We all have questions about the 2010 season and Alex Remington luckily has some answers. The Stew's resident stats guru will address a few per week as Opening Day approaches.
The Situation: Jonathan Papelbon(notes) is one of the best closers in baseball and he knows it. He wants to be thought of in the same breath as Mariano Rivera(notes), both on the field and at the negotiating table, writes ESPN Boston's Gordon Edes. But his big mouth has gotten him into trouble in the past, as he got into some hot water in 2008 when he said that he wanted to finish out the All-Star Game at Yankee Stadium in place of Mo. With Daniel Bard(notes) waiting in the wings, Boston has been content to go year-to-year with Papelbon until he reaches free agency, leading 'Duk to wonder if 2010 will be his last jig with the Red Sox.
The difference in attitude between the two closers is extremely stark and it seems almost sacrilegious to suggest that Papelbon's path looks similar to Rivera's. But there's simply no denying that Papelbon has certainly put up some historic numbers. At 1.84, he has the lowest career ERA of any reliever with more than 100 innings pitched. Rivera is unquestionably the greatest closer of all time, but, for whatever it's worth, Paps has a career ERA nearly half a run lower. It doesn't end there. Papelbon has struck out two more men per nine innings than Rivera, while maintaining a nearly identically stingy walk rate and home run rate. Their OPS and BABIP against are nearly identical — batters have a .557 OPS and .268 BABIP against Papelbon, .556 and .266 against Rivera. If it weren't for Rivera's postseason record — which is perhaps the greatest postseason resume in baseball history — it would be hard to argue that Rivera is a clearly more dominant player than Papelbon.
The Question: Is Jonathan Papelbon the next Mariano Rivera?
The Analysis: It sounds like a preposterous inquiry because Rivera's remarkable longevity and consistency out of the bullpen is nearly unprecedented. Rivera is one of just two relievers ever to have 10 seasons with at least 65 innings pitched and an ERA under 2.50. Hoyt Wilhelm, the rubber-armed knuckleballer is the other. Meanwhile, Goose Gossage has seven and no one else has more than five. (Papelbon currently has three.)
So Papelbon will have to stay healthy to pitch another 10 years and 792 innings, the amounts by which he trails Rivera in both categories. But that will be an uphill climb. In the past 20 years — the era of the modern closer — only 16 relievers, and only eight closers, have even logged 1,000 innings. By comparison, 11 players hit their 500th homer between 1997 and 2009.
In this era, relievers tend to be abused in order to protect the team's greater investments in starting pitching. Rather than risk the health of John Lackey(notes) ($18 million), Josh Beckett(notes) ($12 million), or Daisuke Matsuzaka(notes) ($8 million), Terry Francona is likely to turn to Papelbon to bail them out in late innings, because he only makes $9.35 million this year. Also, because he's on a one-year contract, the team has no incentive to protect his long-term arm health.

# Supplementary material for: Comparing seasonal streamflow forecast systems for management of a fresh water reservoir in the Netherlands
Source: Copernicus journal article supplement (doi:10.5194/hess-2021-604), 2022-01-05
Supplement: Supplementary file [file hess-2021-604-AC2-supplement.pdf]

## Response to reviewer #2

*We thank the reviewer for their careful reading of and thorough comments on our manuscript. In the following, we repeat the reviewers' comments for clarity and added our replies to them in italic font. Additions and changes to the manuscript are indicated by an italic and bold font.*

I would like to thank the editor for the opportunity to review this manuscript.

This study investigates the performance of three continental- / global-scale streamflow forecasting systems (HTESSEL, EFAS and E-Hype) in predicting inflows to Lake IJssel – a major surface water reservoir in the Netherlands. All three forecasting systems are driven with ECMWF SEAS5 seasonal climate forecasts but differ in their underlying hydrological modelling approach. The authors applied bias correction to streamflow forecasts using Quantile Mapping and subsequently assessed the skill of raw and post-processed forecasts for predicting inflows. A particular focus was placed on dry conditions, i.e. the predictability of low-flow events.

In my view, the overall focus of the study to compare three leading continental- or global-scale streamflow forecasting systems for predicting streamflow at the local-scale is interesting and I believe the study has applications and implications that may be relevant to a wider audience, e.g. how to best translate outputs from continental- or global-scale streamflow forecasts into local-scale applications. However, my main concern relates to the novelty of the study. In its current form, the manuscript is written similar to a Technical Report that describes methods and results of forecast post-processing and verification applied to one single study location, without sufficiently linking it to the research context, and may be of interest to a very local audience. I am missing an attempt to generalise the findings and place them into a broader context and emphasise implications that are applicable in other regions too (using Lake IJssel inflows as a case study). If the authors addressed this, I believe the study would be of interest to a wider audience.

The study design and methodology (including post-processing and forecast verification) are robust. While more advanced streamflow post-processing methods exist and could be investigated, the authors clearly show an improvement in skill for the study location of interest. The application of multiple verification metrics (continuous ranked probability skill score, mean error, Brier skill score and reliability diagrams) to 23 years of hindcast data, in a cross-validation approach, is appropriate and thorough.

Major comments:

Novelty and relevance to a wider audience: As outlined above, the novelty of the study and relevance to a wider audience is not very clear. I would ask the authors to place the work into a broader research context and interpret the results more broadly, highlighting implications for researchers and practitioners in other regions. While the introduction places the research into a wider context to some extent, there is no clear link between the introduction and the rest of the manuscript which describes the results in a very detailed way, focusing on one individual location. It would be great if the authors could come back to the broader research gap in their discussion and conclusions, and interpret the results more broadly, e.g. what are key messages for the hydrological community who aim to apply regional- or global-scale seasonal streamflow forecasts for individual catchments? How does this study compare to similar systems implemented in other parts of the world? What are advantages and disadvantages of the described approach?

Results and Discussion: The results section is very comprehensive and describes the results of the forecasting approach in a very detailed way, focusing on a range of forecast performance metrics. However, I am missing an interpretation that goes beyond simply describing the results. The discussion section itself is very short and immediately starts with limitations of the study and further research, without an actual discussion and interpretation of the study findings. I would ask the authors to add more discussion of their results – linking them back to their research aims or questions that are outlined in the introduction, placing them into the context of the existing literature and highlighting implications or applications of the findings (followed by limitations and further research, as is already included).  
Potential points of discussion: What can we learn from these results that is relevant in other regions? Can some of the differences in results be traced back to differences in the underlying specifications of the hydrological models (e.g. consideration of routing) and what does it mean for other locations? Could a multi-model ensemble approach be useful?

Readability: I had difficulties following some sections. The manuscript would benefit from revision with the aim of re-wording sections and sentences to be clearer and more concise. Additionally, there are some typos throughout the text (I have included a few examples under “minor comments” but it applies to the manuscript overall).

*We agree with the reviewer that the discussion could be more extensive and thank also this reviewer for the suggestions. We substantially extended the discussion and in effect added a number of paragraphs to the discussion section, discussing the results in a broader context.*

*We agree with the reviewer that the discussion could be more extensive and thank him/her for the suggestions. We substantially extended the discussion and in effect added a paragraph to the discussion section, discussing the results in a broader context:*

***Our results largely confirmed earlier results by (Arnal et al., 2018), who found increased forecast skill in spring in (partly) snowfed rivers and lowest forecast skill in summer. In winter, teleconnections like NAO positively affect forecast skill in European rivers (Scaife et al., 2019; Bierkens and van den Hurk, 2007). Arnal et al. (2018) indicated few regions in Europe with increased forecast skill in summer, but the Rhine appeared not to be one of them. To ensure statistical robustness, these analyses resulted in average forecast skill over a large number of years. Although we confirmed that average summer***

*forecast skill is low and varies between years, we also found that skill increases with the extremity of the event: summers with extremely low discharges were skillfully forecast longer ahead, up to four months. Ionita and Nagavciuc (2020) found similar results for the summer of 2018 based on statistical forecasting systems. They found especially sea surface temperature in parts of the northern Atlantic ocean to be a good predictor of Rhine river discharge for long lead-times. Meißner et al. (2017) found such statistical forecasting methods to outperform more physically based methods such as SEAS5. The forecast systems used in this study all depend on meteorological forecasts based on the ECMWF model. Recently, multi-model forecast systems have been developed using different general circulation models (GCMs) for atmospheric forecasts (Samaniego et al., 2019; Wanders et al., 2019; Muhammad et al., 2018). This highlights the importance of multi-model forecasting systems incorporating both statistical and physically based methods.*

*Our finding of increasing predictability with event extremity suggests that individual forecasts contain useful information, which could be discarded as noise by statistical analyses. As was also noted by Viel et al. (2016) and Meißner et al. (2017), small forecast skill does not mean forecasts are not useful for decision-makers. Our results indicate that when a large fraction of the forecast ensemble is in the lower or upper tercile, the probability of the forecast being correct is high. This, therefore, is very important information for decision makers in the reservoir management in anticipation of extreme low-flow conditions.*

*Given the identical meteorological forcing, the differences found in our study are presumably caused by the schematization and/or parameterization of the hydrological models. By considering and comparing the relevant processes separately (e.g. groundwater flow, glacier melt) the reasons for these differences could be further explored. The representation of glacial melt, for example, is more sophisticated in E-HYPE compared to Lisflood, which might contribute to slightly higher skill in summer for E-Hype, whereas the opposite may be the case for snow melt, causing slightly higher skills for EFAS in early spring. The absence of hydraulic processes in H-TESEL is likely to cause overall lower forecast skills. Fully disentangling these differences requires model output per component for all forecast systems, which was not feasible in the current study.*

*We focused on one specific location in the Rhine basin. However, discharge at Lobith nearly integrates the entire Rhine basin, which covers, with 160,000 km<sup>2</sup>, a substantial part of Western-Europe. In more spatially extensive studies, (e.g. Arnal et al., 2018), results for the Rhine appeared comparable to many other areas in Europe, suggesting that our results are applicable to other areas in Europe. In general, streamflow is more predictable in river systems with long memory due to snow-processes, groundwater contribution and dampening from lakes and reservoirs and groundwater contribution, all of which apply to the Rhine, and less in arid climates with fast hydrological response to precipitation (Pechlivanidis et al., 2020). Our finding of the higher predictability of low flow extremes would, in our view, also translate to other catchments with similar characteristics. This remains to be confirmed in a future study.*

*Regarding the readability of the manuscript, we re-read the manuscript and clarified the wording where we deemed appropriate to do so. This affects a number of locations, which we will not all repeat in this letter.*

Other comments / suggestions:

Though his ERA was gaudy last year — a sparkling 1.85 — Papelbon did raise a few red flags, even before his three-run meltdown against the Angels in the final game of the ALDS. His control wasn't at the levels it has been in the past. He had the second-lowest K/BB and second-lowest first-pitch strike percentage of his career, and the highest average pitches per plate appearance. His average fastball velocity was lower than in 2008 but higher than in 2007.
But all told, his numbers were terrific and there's no reason to expect that they'll continue trending down in 2010 ... if he stays healthy, of course.
The Forecast for 2010: In 2010, the Red Sox should expect another great season from their eccentric closer, though they probably won't be sorry if they follow Branch Rickey's dictum that it's better to part with a player a year too early than a year too late. Much as Yankee fans hate to admit it, Papelbon is neck and neck with Rivera as the best closer of the past half-decade and has his career off to an incredible start.
But the 40-year old Rivera has had more brilliant seasons than just about anybody ever and he's still producing at a high rate. Papelbon still has a long way to go.
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Other questions answered by Alex Remington
• What can the Mariners expect from Ken Griffey Jr.?
• Will Mark Reynolds hit more than 40 home runs again?
• Will David Wright find his lost power in 2010?
• Can Curtis Granderson solve his lefty pitcher problems?